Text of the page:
By law, alcohol may only be sold in restaurants and bars in hotels or in members-only clubs, such as golf clubs, which often admit paying nonmembers. Because of the 30% tax on alcohol in the country, prices are high. Expect to pay around Dh25 for a bottle of beer, from Dh40 for a glass of wine and from Dh50 for a cocktail. The only ‘dry’ (meaning alcohol is not permitted) emirate is Sharjah.

Getting online in the UAE should not be a problem. Nearly every hotel has in-room internet access, either broadband or wireless, although rates can be extortionate. A growing number of restaurants, cafes and shopping malls offer their own wireless services, usually free with purchase.
Skype and other Voice over Internet Protocol (VoIP) software continues to be banned in the UAE. If the programs are already installed on your smartphone or computer before you arrive, you should be able to use them with no problem. Using a VPN circumnavigates the problem.

Drugs are simply a bad, bad idea. The minimum penalty for possession of even trace amounts is four years in prison, and the death penalty is still on the books for importing or dealing in drugs (although it’s not been enforced in ages). Even if you are in a room where there are drugs, but are not partaking, you could be in as much trouble as those who are. The secret police are pervasive, and they include officers of many nationalities.
There are also import restrictions for prescription medications that are legal in most countries, such as diazepam (Valium), dextromethorphan (Robitussin), fluoxetine (Prozac) and anything containing codeine. If medication you need is on it, ask what kind of papers you need (eg original prescription, letter from your doctor) in order to bring such medication into the UAE legally.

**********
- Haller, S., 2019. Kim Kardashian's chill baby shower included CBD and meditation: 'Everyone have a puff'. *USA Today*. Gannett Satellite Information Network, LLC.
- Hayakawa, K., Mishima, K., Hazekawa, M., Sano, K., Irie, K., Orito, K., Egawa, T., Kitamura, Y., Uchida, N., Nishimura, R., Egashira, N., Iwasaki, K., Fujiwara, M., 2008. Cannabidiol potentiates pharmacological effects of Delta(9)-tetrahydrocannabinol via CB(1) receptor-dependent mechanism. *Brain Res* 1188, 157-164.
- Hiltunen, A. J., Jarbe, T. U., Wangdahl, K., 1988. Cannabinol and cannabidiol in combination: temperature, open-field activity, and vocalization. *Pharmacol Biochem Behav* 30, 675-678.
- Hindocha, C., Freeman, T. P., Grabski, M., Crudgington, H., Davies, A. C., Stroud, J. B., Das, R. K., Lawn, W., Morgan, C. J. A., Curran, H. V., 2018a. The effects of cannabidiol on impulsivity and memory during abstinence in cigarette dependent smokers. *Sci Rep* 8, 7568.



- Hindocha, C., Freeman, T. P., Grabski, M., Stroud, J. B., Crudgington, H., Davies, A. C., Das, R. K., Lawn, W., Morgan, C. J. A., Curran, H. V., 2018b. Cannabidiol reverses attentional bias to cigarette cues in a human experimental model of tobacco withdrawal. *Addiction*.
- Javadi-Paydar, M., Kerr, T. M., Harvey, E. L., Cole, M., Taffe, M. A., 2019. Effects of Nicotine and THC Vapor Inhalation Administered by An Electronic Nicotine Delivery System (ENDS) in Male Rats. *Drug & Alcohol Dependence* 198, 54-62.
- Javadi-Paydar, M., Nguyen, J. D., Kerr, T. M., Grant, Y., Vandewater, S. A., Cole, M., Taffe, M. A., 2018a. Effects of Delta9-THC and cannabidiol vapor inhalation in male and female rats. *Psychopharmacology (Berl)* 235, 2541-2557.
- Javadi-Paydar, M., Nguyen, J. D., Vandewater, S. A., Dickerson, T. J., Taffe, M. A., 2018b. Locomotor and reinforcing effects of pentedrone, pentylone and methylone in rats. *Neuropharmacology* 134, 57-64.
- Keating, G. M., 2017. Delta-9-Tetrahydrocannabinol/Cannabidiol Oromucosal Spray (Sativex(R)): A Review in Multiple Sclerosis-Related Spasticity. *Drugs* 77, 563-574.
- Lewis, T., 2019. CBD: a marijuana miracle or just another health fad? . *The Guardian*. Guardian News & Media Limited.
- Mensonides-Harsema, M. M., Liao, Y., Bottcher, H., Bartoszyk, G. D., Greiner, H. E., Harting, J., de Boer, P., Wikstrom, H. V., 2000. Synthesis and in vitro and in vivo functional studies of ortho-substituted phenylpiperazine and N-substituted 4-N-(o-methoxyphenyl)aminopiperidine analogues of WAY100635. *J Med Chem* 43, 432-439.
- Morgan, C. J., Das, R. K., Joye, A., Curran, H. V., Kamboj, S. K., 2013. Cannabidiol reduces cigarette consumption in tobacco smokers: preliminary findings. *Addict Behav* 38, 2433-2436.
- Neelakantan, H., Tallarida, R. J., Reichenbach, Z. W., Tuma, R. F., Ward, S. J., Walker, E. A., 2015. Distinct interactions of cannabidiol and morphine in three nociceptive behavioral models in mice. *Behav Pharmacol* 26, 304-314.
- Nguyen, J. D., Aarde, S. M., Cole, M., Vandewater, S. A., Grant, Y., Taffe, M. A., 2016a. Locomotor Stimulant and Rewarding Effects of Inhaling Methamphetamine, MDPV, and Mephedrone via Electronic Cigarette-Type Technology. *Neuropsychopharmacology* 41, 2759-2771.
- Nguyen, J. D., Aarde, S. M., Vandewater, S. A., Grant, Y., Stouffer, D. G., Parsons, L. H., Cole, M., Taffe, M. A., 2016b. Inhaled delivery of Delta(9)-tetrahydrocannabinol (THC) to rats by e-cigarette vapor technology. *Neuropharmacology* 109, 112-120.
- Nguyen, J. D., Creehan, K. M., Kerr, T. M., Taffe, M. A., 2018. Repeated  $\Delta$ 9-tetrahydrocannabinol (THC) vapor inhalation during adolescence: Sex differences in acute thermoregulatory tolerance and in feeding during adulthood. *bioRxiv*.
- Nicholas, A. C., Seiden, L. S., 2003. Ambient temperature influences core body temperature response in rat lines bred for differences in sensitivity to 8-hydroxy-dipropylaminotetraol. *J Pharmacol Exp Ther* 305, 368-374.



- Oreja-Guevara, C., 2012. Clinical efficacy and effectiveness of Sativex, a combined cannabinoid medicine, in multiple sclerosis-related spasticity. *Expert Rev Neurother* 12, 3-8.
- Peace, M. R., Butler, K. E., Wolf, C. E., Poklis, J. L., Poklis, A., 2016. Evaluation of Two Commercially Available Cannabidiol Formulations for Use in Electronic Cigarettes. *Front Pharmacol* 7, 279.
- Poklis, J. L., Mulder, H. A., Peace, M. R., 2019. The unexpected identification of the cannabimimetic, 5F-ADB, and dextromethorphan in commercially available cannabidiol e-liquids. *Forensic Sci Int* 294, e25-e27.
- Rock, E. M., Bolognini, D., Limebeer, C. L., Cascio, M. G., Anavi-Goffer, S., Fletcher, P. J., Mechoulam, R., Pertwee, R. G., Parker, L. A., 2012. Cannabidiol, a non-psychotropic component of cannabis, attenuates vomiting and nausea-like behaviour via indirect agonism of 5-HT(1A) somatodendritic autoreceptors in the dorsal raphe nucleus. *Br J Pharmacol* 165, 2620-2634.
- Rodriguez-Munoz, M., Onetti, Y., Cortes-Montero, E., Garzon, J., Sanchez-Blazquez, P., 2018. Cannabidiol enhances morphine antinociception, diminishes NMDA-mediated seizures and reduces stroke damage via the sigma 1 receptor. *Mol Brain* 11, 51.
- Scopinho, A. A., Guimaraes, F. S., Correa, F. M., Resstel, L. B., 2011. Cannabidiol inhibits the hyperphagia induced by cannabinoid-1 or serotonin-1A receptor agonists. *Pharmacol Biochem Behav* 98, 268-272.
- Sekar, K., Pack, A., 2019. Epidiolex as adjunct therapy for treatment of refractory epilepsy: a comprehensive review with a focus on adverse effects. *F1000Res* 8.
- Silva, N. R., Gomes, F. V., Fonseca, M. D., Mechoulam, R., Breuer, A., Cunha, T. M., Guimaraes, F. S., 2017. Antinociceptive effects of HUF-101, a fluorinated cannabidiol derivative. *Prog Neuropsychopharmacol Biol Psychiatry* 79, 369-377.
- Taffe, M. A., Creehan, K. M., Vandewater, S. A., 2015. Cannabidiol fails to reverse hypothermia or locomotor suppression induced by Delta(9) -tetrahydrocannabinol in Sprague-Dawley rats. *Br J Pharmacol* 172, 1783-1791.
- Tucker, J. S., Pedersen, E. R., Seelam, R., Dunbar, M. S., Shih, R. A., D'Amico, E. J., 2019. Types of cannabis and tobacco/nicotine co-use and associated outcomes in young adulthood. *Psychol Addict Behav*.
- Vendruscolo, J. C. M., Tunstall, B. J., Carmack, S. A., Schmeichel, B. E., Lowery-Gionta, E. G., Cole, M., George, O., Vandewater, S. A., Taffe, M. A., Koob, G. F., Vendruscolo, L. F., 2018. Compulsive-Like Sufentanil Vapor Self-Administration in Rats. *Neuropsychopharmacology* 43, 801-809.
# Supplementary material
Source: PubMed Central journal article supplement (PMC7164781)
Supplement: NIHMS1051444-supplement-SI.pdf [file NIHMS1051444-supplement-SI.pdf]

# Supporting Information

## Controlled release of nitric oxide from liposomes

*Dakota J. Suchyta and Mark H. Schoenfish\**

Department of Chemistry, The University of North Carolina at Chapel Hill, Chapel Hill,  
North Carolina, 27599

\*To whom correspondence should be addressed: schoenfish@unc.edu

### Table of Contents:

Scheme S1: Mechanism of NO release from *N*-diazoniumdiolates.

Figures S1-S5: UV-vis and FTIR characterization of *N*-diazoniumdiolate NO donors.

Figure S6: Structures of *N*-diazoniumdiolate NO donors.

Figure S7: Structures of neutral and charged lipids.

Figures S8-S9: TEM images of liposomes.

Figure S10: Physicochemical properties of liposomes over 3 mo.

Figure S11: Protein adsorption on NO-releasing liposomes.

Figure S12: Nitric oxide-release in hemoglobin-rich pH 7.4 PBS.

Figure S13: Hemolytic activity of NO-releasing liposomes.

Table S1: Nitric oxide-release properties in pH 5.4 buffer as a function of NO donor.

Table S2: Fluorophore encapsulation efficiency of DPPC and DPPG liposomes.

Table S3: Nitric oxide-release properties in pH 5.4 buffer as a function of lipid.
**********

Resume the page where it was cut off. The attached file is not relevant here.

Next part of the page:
Other common infractions that may incur a fine, jail time or even deportation include drinking alcohol in an unlicensed public place; buying alcohol without a local license; writing bad cheques; unmarried cohabitation; and public eating, drinking and smoking during daylight hours in Ramadan. Another big no-no is sexual or indecent public behaviour.
If arrested, you have the right to a phone call, which you should make as soon as possible (ie before you are detained in a police cell or prison pending investigation). Call your embassy or consulate first so they can get in touch with your family and possibly recommend a lawyer.

The UAE dirham (Dh) is fully convertible and pegged to the US dollar. One dirham is divided into 100 fils. Notes come in denominations of five, 10, 20, 50, 100, 200, 500 and 1000. Coins are Dh1, 50 fils, 25 fils, 10 fils and 5 fils.
Currency exchange offices sometimes offer better rates than banks. Not all change traveller’s cheques, but currencies of neighbouring countries are all easily exchanged.
There are globally linked ATMs all over the country, at banks, shopping malls, some supermarkets and big hotels. Major credit cards are widely accepted; debit cards less so, although they’re usually no problem at bigger retail outlets.
In each emirate, a different level of municipal and service tax is charged against hotel and restaurant bills. This is somewhere between 5% and 20%. If a price is quoted ‘net’, this means that it includes all taxes and service charges.